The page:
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Sustainable Food System Tour

Sustainable Food TourSustainable Food TourOn Wednesday, November 16th, 2011, students from Castlemont High School's Sustainable Urban Design Academy (SUDA) took a field trip to study sustainable agriculture. The food tour allowed students to study the production, distribution, processing, consumption, disposal, and renewal of agricultural products- all without leaving campus.

Teacher Tim Bremner organized the tour to help student better understand where their food comes from and how individual actions can lead to large impacts: "I wanted students to experience a sustainable food system and literally go through the various stages that create a sustainable system. This both provides a hands on, tangible experience of the concept and it demonstrates the assets that we have as community to support healthier and more sustainable people, community and planet."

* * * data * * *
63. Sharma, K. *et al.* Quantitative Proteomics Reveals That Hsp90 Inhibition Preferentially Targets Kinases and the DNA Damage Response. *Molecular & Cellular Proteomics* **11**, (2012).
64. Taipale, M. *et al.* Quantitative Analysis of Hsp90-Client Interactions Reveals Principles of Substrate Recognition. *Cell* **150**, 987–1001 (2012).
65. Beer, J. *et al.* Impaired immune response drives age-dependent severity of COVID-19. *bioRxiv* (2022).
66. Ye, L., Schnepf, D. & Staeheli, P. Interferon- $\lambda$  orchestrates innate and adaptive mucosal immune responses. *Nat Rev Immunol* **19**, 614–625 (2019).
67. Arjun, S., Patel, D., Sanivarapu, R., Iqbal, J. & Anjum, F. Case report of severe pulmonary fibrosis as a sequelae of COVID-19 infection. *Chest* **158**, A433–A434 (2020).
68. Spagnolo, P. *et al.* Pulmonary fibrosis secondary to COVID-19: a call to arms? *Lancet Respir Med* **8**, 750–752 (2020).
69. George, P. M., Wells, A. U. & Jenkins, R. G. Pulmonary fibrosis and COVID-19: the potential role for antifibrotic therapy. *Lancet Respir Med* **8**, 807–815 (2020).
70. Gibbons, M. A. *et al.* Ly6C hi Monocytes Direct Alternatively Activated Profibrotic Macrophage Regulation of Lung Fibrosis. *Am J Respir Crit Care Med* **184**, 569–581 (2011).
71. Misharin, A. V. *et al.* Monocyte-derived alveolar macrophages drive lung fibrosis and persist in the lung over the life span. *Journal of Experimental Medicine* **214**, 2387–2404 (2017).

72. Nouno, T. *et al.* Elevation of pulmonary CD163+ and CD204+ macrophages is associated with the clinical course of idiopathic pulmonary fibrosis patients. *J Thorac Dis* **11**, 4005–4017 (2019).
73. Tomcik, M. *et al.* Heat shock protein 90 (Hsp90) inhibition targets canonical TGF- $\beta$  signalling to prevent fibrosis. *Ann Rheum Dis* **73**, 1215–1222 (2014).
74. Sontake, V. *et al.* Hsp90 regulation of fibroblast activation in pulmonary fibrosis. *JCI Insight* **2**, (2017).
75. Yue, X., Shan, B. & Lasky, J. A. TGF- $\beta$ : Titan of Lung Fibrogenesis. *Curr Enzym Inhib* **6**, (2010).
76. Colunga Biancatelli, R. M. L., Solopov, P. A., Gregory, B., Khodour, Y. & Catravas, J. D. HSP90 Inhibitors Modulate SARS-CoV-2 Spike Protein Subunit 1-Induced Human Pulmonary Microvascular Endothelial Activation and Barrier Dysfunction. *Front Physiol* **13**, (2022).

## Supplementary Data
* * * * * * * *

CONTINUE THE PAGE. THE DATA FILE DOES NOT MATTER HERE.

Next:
Weighing Uneaten Food From GarbageWeighing Uneaten Food From GarbageStudents from two classes started their investigation of food systems and sustainable agriculture by studying the waste generated in the school cafeteria. With assistance from EarthTeam, students sorted cafeteria waste into compostable, recyclable, and landfill-bound materials.

The waste audit revealed that the largest segment of cafeteria waste by volume and by weight was uneaten food, food scraps and compostable material. Students were very disappointed to find scores of uneaten rolls, sandwiches and other lunch items mingled in the trash bins. Students found 24 pounds of uneaten food and 12 pounds of food scraps and food soiled paper. Fully 75% of the audited cafeteria waste could be composted.

Students hope to use the data from the waste audit to inform the design of an on-campus food scrap diversion program to ensure that uneaten food, valuable recyclables, and nutrient rich food scraps are diverted away from the landfill.